IMC 2012: Sessions

Session 1608: Lords and Communities as Shapers of the Landscape

Thursday 12 July 2012, 11.15-12.45

Moderator/Chair:Katherine Weikert, Department of Archaeology / Department of History, University of Winchester
Paper 1608-aA Joint Endeavour?: Negotiating Principles for Managing Arable and Pasture in Middle Anglo-Saxon England
(Language: English)
Susan Oosthuizen, Institute of Continuing Education, University of Cambridge
Index terms: Archaeology - General, Daily Life, Economics - Rural
Paper 1608-bThe Persistence of Medieval Boundaries in the Landscape of Central Italy
(Language: English)
Sabrina Pietrobono, School of Historical Studies, Newcastle University
Index terms: Archaeology - General, Archaeology - Sites, Archives and Sources, Geography and Settlement Studies
Paper 1608-cAfter Domesday: Title and Claims of the Church in Worcester
(Language: English)
Andrew Wareham, Department of Humanities, University of Roehampton, London
Index terms: Ecclesiastical History, Local History, Social History
Abstract

Paper -a:
This paper argues that systems of management of common fields represented a negotiated solution which integrated lordly innovation and peasant tradition and left its traces in the Anglo-Saxon landscape. Innovative managerial approaches to agricultural efficiency were developed on middle Anglo-Saxon royal estates that required ‘dominant and/or high status lordship, large manorial holdings, a high proportion of customary tenants, (and) a unified community’ (Bailey 2010: 167). Traditional forms of governance, with their roots in collective approaches to the ownership and organization of arable and pasture over the preceding three millennia or more, were preserved in the definition of grazing on fallows and stubbles as a common property resource.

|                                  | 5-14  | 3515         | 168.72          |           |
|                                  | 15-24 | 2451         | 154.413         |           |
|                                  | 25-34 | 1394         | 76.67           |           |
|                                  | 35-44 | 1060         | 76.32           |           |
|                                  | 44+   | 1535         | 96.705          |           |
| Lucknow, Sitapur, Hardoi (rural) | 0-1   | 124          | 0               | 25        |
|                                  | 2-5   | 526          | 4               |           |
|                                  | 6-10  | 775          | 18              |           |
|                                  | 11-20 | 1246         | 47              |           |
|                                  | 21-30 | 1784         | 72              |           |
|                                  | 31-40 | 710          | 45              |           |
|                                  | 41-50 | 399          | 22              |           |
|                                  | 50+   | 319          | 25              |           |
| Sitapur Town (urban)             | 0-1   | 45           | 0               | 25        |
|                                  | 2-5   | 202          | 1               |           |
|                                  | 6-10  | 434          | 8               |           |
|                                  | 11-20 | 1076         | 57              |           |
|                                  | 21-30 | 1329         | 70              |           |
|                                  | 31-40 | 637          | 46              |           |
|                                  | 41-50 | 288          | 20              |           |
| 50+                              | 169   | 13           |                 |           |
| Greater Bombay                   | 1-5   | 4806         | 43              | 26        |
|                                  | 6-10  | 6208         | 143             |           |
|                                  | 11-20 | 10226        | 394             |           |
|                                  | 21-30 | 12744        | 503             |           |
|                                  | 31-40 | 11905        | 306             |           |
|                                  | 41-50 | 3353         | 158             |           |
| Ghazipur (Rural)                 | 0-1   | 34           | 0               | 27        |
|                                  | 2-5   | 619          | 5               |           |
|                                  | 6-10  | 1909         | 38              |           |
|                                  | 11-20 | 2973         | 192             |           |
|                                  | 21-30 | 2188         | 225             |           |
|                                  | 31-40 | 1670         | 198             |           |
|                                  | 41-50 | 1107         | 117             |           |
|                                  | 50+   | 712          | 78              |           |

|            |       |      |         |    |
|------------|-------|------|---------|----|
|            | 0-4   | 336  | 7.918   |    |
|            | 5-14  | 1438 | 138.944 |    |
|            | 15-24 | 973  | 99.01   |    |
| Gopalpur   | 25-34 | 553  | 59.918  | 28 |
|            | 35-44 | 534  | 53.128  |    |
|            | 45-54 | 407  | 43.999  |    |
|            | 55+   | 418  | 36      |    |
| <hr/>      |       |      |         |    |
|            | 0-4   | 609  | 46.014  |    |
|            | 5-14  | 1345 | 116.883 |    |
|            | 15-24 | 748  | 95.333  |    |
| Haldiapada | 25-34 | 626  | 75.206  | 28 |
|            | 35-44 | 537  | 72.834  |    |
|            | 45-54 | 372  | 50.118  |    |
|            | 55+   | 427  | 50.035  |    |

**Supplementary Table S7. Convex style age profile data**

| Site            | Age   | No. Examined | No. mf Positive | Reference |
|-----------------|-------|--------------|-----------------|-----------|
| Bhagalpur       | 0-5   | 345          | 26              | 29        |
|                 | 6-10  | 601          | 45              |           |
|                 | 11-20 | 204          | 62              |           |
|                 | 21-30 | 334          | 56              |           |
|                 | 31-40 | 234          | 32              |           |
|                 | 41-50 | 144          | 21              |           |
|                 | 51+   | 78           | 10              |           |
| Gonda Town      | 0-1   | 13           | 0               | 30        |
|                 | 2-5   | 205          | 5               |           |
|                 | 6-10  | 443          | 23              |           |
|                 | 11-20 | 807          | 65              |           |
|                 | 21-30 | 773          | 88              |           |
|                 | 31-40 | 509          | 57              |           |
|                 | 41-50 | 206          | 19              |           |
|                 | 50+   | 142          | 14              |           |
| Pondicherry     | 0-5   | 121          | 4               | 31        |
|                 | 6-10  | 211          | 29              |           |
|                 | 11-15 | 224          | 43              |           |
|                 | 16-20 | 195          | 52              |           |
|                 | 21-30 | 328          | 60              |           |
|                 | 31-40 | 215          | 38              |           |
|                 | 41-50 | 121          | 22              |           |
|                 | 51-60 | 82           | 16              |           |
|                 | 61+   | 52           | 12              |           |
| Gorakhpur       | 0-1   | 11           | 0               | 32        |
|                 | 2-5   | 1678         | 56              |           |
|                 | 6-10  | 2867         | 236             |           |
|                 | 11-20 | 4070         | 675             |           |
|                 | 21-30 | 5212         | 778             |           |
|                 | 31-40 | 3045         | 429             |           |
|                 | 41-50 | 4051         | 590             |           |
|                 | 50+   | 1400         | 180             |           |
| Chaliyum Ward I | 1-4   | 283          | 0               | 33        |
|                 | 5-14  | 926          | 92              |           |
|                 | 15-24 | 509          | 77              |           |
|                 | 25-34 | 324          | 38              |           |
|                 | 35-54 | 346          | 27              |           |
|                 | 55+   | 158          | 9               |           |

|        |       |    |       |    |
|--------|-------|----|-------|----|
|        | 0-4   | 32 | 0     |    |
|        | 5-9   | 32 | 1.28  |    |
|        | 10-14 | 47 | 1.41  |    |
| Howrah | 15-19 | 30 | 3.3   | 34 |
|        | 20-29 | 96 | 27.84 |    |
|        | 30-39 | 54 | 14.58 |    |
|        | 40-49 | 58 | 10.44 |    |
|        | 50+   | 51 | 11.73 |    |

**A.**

Paper -b:
Boundaries operate at both physical and anthropological levels: memory acts as main reference in the nature of disputes over their preservation throughout the centuries. Starting from the current landscape of the Latina Valley and the old Terra Sancti Benedicti (southern Lazio, Italy), specific medieval boundaries will be examined: they can be shown in documents from Montecassino and later maps that delineate them by particular landmarks e.g. churches, ditches, Roman roads, and other, now permanent part of the landscape. My aim is to prove the extraordinary longevity of those boundaries established in the Middle Ages, as fixed rules in the landscape affecting its physical development.

Paper -c:
Historians have recently argued that attempts to identify conditions in Domesday England on the basis of key sections of Worcestershire Domesday are compromised by the bishopric of Worcester’s assertive claims to lordship. Heming’s Codicellus possessionum has generally been viewed within this context: The text was intended to provide the basis for the recovery of particular properties. This paper takes a different approach. By looking at Heming’s Codicellus as a whole in relation to Domesday (Inquest and Book), this paper investigates the rules of engagement between networks of royal agents, monks and the followers of successive bishops of Worcester.